Register Now for our 2018 Annual Employee Ownership Conference

Are you an NCEO member? Learn more or sign up now.

Home » Columns »

The Employee Ownership Update

Corey Rosen

January 13, 2003

(Corey Rosen)

Book Review: In the Company of Owners by Joseph Blasi, Douglas Kruse, and Aaron Bernstein

This important new book (published by Basic Books; list price $27.95) makes a persuasive case that ownership needs to be shared more broadly. According to the authors, "CEOs and a thin layer of other executives and mangers in corporate America own a collective total of about 1.2 billion options today," or about 10% of all outstanding corporate shares, worth $80 billion if exercised. Yet the authors conclude that there is no evidence that this embarrassment of riches for these top executives has paid off for shareholders, their companies, or their employees.

Blasi, Kruse, and Bernstein believe there is a better way, what they call "partnership capitalism," a system in which ownership is disbursed broadly and in significant amounts to all employees through options, ESOPs, or other mechanisms. That equity sharing needs to be joined by sharing decision making about how work is performed. This is not just an ideological argument. The authors looked at every significant study of broad ownership models and found that, summing up all the studies of the last two decades, broad ownership boosts productivity 4%, shareholder return 2%, and profits 14% over what would otherwise have been expected. This is despite the much-feared dilution that ownership sharing creates; shareholders, they say, would be wise to share.

The authors are well positioned to write this book. Joseph Blasi is the dean of academic researchers in employee ownership in the U.S., having been actively involved in the field since the 1970s. Doug Kruse, his colleague at Rutgers is considered one of the leading, if not the leading, researcher on incentive compensation systems of all kinds. Aaron Bernstein is a long-time writer for Business Week on labor issues.

The book presents one of the most comprehensive and compelling arguments to date about why sharing ownership and workplace decision-making are important and productive ideas for the American economy. It deserves a wide readership.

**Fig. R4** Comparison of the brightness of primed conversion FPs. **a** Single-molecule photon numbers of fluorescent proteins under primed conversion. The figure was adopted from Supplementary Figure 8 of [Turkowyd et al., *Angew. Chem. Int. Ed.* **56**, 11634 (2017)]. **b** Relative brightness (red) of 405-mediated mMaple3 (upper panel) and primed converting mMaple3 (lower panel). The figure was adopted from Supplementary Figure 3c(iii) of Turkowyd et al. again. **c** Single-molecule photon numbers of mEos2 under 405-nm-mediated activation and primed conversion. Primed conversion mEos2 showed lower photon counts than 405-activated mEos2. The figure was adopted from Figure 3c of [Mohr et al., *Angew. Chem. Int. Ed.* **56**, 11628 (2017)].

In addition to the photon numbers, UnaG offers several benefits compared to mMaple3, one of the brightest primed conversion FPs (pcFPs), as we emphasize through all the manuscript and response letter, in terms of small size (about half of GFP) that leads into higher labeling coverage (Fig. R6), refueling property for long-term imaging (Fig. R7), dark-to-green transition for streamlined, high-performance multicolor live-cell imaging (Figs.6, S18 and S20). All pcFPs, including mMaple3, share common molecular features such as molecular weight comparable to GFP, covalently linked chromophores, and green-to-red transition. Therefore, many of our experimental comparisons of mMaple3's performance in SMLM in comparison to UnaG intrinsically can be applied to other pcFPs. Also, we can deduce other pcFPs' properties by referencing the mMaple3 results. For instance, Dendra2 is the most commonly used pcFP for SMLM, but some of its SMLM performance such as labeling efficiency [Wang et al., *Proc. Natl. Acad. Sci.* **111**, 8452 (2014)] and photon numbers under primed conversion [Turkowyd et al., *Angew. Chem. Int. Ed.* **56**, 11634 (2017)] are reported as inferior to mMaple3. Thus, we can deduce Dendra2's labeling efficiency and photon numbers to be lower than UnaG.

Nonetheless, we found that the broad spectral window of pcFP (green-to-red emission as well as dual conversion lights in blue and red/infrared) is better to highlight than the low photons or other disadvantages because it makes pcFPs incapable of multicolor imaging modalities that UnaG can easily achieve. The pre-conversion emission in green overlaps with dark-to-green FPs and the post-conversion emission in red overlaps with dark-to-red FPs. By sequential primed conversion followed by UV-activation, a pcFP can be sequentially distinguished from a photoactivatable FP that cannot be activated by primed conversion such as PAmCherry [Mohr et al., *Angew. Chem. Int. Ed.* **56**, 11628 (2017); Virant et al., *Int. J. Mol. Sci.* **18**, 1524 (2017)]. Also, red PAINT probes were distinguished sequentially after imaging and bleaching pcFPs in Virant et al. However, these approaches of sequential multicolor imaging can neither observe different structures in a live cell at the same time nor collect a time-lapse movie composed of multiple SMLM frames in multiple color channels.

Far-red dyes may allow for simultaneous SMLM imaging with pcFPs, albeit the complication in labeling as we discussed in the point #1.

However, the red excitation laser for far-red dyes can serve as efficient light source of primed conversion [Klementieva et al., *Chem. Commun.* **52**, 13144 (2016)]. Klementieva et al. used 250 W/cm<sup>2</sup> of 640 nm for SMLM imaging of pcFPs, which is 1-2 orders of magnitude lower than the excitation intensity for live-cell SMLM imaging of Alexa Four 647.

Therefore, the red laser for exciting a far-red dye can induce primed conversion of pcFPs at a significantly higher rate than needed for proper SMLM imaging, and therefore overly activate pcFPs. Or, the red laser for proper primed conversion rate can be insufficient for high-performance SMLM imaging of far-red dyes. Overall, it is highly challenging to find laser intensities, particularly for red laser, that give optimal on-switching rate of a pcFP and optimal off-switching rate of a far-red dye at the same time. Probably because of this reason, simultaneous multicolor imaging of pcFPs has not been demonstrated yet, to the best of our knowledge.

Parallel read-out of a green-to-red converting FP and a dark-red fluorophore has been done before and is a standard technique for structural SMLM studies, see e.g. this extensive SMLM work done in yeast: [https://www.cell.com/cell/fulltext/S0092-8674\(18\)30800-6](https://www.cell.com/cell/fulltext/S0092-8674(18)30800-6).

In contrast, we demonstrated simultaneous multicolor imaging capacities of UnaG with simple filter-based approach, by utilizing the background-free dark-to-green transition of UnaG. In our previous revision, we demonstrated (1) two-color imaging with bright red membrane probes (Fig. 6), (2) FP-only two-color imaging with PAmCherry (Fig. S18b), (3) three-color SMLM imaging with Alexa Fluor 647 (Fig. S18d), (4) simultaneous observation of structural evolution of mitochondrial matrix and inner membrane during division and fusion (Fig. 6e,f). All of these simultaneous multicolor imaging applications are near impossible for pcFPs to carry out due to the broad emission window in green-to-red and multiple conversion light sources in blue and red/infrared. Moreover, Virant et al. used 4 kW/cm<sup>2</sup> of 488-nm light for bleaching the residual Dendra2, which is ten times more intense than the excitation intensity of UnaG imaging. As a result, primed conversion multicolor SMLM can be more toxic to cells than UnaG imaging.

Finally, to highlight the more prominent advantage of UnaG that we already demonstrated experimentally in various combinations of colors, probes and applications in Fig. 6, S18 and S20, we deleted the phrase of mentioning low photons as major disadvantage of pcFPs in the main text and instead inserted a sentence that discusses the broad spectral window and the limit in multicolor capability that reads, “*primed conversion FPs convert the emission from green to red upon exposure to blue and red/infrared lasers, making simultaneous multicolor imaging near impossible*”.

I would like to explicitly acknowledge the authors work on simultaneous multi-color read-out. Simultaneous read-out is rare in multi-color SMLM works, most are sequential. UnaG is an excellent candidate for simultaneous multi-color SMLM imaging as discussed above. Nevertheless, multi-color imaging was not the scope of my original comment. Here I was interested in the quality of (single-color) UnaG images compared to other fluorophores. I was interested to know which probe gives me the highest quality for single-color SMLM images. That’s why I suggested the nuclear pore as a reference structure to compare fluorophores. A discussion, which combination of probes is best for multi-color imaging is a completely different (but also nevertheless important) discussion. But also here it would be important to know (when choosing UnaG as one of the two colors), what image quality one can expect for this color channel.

At Least Half of Best 100 Companies to Work for Have Broad Employee Ownership

The "Best 100 Companies to Work For" again show a high overrepresentation of employee ownership companies. Of the 93 companies on the list that could have a stock plan (some are professional partnerships), we identified 46 that we know have broad equity plans. It is very likely that other companies on the list also have broad ownership plans, but we do not have confirmation of that for specific companies. Of the 100 companies, five are majority employee owned American Cast Iron Pipe Company (6), TD Industries (7), W.L. Gore Associates (27), Publix (87), and CH2M Hill (96). The list is compiled for Fortune magazine by the Great Place to Work Institute.

SEC Overrules Division No-Action Letter on Shareholder Votes on Expensing Options

On December 6, the Securities and Exchange Commission overruled a staff letter in the case of National Semiconductor concerning the right of shareholders to request a vote on expensing options. The staff had concluded that choosing a method for accounting for options was an ordinary business matter and, as such, shareholder proposals were excludable. The Commission disagreed. From this point forward, then, companies will only be able to exclude such proposals on other grounds, which may be difficult to find.

Data Show Degree to Which Top Five Executives Gained from Options

In an analysis separate from their book, the authors of In the Company of Owners report that the top five executives at the largest companies (those representing 95% of the market's capitalization) saw their profits on stock options exercises climb from $2.4 billion in 1992 to $4.2 billion in 1996 to $10.7 billion in 1999 and $17.6 billion in 2000. The figure dropped back to $8.85 billion in 2001 (2002 data are not available). In 2001, that would mean that the 7,674 executives generating profits on options exercises that year averaged $1.15 million in profits.

Author biography and other columns in this series

PrintEmail this page

PrintPrinter-friendly version